The Importance of Playing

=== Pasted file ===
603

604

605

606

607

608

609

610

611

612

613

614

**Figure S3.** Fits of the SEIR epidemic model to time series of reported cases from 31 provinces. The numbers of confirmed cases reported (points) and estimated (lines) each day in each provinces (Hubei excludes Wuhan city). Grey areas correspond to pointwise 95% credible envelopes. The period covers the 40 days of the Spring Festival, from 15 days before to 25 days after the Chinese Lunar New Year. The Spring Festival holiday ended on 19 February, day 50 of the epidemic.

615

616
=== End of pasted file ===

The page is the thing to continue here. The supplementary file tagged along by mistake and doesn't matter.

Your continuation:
Another important part of our portraits is really to allow ourselves to play. I think, we live in a world where everything is very structured, and we often feel contrived. It's important to give ourselves the freedom to play around, especially as artists, as photographers, we need to try different things and let our creativity roam free. We don't hold back on the props that we use when it comes to playing around. If you saw our other Creative Live classs, you did hear us talk about a stamping block, which we didn't actually have with us, well low and behold I do have it here with us, this time. It is is simply a acrylic stamping block. The reason why we like this is because it doesn't have any dark edges, it's completely clear and it has different surfaces that we can use to reflect different elements. In this case, the way that we're using it is we send the bride and groom down the beach. Davina's holding it on the left side of her frame and then reflecting the ocean, which is actuall...